JIS News

Two water supply systems under the Government’s Rural Water Programme are to be commissioned in the first half of this year, and stakeholders, ministry officials and interest groups are ensuring that the necessary operational guidelines are in place.
They are the Five Star system in St. Elizabeth and the White Horses, Botany Bay and Pamphret Development Benevolent Society system in St. Thomas.
Speaking at a workshop convened at the Knutsford Court Hotel in Kingston on February 21, to assess the proposal for the organization and management of the schemes, Community Development and Gender Specialist for the Rural Water and Sanitation Project, Linnette Vassell said emphasis was being placed on managing the modalities and making decisions as to how the systems would work organizationally.
“We have to get in the business of managing these modalities, we have come together to decide how the system will work organizationally and how the systems will run,” she told JIS News.
The exercise saw stakeholders from the four benevolent societies involved in the project as well as Parish Council officials, operators of water systems, National Water Commission representatives, officials from the Office of Utilities Regulation (OUR) and the contractors discussing the operational guidelines in a bid to reach a consensus as to how the systems would operate.
Mrs. Vassell said the intention was also to develop a framework document, which would be signed by all participants signifying their commitment to comply with the operational guidelines as to the management of the systems. She said the document would be ready in another two months. She said there were additional matters which would have to be negotiated with the government in the period leading up to the conclusion of the document, based on concerns raised by stakeholders.
She explained that the systems would serve to stabilize the water supply in the areas in which they would be commissioned, and that the communities inSt. Thomas would benefit significantly, as the areas were poorly supplied at present.
Mrs. Vassell said the benevolent societies were an important part of the programme as they assisted in getting communities more organized and enabled them to have a stronger legal voice where governance was concerned.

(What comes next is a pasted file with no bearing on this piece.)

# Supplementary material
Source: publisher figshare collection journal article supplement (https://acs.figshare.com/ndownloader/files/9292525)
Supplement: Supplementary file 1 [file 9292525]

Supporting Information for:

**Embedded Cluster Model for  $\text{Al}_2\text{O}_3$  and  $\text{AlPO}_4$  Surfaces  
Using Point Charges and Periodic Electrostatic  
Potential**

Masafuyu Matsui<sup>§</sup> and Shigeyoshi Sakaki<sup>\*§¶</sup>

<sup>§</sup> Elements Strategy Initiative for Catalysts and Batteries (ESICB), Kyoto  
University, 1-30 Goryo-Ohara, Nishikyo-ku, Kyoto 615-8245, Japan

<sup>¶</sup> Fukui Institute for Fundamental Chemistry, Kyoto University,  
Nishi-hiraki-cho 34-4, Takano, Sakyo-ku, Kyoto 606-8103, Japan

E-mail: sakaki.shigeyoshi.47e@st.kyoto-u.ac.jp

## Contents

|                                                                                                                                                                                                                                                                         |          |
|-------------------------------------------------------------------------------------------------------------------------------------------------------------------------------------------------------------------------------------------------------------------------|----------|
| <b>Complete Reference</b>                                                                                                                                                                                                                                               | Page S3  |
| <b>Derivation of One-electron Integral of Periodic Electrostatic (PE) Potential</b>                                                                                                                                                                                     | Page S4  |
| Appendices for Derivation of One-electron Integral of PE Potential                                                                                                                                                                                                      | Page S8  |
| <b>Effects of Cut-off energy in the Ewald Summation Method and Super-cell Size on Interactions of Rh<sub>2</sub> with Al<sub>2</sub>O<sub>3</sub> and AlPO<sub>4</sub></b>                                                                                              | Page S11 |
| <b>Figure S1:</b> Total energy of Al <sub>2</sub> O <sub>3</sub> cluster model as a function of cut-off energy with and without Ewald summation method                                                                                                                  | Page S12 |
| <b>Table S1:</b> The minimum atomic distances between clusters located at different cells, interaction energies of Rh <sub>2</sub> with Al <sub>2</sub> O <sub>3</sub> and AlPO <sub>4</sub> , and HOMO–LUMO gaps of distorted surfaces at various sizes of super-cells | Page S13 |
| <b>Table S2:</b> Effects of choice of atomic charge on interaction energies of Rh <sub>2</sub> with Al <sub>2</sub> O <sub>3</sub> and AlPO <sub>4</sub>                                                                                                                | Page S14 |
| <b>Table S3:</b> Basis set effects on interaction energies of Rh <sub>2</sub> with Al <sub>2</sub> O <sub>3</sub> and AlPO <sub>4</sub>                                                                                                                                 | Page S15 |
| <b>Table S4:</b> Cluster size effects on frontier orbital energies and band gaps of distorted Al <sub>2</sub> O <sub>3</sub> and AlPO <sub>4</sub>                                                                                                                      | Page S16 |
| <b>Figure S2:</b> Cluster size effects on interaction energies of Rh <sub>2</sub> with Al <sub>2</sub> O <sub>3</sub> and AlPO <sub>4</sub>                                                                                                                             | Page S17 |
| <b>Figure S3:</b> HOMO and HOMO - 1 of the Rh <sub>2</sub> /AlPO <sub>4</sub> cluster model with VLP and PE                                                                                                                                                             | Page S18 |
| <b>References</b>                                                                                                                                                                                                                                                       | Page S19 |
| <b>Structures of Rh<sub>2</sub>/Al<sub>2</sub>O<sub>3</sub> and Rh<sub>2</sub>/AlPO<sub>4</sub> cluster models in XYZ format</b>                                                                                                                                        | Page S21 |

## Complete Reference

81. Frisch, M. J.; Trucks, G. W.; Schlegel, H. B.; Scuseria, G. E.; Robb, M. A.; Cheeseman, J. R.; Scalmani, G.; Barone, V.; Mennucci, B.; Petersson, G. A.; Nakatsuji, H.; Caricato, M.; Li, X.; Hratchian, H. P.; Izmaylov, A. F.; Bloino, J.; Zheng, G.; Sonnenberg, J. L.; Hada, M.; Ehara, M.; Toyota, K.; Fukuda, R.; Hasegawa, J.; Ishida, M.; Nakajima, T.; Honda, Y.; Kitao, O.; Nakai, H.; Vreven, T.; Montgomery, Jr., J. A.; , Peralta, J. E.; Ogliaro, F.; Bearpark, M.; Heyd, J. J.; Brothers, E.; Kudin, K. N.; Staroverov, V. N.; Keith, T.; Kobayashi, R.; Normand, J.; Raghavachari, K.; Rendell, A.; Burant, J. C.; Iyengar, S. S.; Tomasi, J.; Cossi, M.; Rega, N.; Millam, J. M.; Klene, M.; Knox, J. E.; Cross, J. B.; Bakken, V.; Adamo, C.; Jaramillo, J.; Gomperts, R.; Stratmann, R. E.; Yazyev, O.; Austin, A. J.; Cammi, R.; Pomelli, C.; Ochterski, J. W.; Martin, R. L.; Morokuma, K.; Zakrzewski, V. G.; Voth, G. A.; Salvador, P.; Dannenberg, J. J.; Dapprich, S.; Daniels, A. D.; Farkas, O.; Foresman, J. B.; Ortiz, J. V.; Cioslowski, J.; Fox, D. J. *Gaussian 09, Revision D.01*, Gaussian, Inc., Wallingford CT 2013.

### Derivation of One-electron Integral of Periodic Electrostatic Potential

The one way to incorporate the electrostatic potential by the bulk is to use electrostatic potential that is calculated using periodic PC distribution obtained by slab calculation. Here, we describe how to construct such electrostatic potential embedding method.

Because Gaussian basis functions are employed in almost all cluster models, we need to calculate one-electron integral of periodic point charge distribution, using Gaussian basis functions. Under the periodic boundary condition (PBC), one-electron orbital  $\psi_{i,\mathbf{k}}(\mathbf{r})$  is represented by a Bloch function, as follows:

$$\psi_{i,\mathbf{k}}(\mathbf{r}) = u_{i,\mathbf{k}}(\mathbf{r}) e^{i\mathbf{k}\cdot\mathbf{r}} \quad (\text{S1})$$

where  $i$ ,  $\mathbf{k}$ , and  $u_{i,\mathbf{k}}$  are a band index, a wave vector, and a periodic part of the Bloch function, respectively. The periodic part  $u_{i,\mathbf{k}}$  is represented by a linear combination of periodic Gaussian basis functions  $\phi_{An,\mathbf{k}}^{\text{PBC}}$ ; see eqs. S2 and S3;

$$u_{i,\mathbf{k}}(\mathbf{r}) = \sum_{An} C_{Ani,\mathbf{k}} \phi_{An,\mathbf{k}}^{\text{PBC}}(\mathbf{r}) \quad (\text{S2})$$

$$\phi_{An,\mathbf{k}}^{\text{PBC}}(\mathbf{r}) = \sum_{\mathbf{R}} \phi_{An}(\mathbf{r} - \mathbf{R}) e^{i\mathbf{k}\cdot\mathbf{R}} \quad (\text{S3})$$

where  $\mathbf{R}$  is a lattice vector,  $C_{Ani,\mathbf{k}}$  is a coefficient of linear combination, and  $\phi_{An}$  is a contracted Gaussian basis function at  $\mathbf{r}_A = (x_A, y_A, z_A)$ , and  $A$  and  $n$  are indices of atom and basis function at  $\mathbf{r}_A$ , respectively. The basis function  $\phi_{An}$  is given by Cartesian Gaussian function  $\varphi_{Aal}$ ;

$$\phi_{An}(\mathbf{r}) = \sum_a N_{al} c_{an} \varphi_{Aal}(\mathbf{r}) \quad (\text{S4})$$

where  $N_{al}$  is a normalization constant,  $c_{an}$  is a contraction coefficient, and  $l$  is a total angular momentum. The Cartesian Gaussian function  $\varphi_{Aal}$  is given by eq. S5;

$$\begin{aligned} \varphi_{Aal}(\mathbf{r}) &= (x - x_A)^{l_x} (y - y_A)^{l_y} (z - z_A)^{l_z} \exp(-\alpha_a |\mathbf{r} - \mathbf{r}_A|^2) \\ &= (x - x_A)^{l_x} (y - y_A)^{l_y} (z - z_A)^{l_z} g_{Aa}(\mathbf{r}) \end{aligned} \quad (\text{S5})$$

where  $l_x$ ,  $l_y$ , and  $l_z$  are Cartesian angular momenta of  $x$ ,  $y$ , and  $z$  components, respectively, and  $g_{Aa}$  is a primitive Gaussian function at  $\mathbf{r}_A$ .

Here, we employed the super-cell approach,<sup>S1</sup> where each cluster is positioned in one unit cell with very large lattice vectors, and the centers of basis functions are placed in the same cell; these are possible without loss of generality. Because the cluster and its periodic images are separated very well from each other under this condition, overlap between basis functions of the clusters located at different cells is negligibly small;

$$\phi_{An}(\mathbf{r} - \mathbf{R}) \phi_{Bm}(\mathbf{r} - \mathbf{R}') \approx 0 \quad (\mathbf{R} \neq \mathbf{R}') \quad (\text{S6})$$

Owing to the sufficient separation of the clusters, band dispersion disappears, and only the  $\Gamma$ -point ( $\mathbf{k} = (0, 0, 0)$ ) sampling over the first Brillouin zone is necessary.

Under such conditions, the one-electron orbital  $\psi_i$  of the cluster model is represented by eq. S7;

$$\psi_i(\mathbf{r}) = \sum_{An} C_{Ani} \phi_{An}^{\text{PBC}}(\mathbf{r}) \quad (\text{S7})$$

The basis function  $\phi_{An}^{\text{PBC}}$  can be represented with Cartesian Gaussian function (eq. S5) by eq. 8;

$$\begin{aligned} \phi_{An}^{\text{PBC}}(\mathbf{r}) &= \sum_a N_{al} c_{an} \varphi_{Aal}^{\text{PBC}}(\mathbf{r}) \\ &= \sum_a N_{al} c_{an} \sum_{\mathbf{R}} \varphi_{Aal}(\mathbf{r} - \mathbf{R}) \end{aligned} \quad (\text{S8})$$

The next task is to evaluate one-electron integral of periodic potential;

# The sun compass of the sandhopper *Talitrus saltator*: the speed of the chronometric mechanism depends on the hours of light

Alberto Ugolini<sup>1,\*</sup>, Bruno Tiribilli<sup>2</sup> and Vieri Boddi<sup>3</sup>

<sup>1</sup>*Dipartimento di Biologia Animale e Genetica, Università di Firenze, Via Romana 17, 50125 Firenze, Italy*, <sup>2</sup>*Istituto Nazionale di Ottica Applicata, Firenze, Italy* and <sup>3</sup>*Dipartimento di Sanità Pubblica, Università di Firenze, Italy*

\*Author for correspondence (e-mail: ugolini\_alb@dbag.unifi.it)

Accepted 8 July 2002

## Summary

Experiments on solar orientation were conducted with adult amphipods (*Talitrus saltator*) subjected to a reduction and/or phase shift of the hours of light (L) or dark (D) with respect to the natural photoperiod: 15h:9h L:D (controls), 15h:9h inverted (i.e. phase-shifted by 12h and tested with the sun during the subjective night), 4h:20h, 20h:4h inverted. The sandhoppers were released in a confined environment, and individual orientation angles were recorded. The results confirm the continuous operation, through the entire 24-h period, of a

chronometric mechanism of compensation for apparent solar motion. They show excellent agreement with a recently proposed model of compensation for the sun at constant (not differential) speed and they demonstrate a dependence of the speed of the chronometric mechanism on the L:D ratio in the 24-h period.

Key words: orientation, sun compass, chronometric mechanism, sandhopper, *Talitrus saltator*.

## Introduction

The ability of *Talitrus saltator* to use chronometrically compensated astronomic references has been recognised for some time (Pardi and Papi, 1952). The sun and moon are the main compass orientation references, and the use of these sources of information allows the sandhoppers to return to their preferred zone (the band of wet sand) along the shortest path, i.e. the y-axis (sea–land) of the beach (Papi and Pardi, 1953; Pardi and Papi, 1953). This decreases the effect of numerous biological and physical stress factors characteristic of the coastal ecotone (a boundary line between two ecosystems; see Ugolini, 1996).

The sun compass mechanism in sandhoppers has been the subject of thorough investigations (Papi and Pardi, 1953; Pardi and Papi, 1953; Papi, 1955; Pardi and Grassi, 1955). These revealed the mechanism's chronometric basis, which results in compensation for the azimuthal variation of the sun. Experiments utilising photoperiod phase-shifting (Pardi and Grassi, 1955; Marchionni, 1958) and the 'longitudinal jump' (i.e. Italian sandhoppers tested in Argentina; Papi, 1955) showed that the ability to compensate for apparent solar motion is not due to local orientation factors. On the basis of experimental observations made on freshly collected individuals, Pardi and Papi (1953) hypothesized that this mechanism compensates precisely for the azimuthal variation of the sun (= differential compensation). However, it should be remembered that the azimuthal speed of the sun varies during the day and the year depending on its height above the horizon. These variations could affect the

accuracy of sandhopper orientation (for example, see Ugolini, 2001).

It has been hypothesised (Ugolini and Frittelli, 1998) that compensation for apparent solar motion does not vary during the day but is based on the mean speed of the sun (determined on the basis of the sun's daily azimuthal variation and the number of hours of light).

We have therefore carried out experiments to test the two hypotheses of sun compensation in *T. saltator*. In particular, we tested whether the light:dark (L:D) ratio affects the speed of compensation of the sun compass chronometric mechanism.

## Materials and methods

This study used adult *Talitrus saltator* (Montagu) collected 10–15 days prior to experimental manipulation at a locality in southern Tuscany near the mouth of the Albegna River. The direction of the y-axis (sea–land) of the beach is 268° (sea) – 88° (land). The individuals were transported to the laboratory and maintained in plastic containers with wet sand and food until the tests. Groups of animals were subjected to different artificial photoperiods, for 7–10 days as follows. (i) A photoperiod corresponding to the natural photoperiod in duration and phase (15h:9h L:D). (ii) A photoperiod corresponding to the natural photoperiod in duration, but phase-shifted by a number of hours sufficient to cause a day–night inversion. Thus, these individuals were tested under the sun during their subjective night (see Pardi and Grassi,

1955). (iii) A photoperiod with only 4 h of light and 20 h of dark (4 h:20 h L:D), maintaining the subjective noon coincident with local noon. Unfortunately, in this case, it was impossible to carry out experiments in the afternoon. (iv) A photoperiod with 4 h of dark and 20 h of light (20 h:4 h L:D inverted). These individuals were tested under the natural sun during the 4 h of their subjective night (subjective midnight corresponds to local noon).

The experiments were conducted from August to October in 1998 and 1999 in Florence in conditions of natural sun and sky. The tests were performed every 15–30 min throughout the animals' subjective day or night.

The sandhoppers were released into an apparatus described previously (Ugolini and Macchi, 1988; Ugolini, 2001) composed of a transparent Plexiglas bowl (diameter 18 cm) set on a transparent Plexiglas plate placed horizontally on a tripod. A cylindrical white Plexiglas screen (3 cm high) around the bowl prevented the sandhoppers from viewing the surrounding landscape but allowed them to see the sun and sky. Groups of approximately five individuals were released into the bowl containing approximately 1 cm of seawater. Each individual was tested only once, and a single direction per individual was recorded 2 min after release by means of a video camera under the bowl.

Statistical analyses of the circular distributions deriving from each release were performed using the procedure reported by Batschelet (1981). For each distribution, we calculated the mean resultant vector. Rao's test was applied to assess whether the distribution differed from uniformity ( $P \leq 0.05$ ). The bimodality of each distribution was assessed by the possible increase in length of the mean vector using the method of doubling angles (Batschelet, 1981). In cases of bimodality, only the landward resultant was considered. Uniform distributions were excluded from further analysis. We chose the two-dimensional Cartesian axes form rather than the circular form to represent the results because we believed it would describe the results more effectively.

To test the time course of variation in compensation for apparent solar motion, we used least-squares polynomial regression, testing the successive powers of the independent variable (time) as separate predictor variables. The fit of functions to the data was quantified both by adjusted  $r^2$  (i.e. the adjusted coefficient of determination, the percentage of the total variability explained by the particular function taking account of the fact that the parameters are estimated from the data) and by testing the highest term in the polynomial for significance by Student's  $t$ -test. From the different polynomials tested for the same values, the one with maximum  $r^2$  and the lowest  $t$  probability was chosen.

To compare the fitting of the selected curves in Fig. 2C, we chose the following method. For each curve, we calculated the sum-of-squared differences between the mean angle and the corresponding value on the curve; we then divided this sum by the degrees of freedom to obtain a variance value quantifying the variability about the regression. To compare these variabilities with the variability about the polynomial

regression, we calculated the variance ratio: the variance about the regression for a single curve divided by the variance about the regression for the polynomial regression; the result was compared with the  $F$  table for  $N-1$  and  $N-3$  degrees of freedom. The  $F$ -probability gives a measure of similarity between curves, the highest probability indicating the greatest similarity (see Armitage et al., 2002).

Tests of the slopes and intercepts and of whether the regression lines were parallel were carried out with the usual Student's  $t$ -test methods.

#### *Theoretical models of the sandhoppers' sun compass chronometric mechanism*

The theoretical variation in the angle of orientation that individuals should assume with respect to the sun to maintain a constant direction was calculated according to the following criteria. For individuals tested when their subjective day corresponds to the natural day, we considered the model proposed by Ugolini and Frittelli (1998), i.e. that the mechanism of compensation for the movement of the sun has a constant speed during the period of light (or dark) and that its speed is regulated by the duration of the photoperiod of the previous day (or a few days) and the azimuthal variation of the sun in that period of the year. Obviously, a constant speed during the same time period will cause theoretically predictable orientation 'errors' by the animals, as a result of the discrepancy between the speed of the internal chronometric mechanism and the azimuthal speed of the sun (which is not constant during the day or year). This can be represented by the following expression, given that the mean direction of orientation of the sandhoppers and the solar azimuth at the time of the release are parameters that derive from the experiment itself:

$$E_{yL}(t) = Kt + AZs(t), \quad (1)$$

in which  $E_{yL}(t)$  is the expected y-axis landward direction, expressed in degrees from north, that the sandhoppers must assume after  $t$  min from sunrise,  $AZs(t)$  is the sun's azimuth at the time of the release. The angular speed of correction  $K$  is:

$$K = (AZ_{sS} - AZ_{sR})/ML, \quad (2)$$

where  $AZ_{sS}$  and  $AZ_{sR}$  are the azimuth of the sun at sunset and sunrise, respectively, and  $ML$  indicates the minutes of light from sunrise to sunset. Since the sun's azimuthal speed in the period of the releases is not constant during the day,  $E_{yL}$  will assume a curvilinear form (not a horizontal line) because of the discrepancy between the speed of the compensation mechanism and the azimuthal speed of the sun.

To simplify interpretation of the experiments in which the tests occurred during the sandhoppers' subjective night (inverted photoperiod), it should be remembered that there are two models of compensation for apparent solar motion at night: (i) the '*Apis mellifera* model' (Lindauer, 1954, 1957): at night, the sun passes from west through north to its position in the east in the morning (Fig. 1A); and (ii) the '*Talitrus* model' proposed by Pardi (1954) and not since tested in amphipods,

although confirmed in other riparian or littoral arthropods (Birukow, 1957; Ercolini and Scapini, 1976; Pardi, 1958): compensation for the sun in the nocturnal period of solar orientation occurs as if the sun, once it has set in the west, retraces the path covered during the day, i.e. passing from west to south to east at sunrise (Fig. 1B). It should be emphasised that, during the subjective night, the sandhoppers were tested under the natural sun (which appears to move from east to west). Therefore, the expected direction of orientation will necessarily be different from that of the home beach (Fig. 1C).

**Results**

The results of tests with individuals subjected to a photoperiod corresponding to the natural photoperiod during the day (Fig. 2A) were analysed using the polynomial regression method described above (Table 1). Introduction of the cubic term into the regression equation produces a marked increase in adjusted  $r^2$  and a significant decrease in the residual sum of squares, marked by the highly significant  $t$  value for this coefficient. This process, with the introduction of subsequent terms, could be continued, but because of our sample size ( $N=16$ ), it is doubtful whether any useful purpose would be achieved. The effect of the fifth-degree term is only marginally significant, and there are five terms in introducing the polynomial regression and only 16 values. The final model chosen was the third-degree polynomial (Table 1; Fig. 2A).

Chief Technical Director for water in the Ministry of Water and Housing, Desmond Munroe, encouraged members of benevolent societies to embrace the participatory method of work and called for the inclusion of all community members in the decision making process.
“Together we have what is required to make this system work but we must pull together to work on contingent issues such as sanitation.water and sanitation go hand in hand, one impacts on the other,” he told the gathering.
Furthermore, he pointed out that benevolent societies had more power and could speak with one voice on matters concerning the water sector.
The Chief Technical Director pointed out that there were some key factors of community water management that needed to be addressed, such as matters relating to the management capacity of the communities, financing, appropriate service level and technology and water resources.
He said where the issue of the management capacities of communities was concerned, developing a sense of ownership was a key component, which was affected by factors such as social cohesion and the type of supply system that was selected. “We should not have a situation where people have irrigation but don’t have domestic supplies,” he noted.
He said the Ministry was putting much emphasis on skills and education, as they were vital to enhancing the management capacity of the community.
The concept of the Rural Water Development Programme advances the coming together of residents to operate their own water and sanitation systems, with no more dependence on the National Water Commission (NWC), the parish councils or even the Rapid Response Unit to provide these critical services.
Paving the way for this collaborative approach, the government made provisions within its water policy, for the formation of Community Water Organisations (CWOs) or Benevolent Societies, to manage and maintain water projects and to ensure that the community has easy access to clean, safe, drinking water ad proper sanitation facilities.
Once formed, the organization takes on the roles normally carried out by the NWC or parish council in supplying water to the community. It is responsible for constructing water supply systems, which the community actually owns and operates. It also ensures that all the parts of the system are in working order, leaking pipes are fixed, that the water is properly chlorinated and that pumps and valves are functional.
The organisation must also produce monthly financial reports, implement tariffs, bill customers, collect fees and make disconnections. In truth, it operates as a business, in the same way the NWC operates, only on a smaller scale. There are currently 10 CWOs or Benevolent Societies operating in Jamaica.
The government, in collaboration with the Inter-American Development Bank (IDB), is currently overseeing four Benevolent Societies implementing water and sanitation projects in St. Thomas, Clarendon, St. Elizabeth and St. Mary.
They are Five Star Development Benevolent Society in St. Elizabeth; Gravel Hill Development Benevolent Society in Clarendon; Mile Gully/Warwick Castle Development Benevolent Society in St. Mary; and Whitehorses, Botany Bay & Pamphret Development Benevolent Society in St. Thomas.

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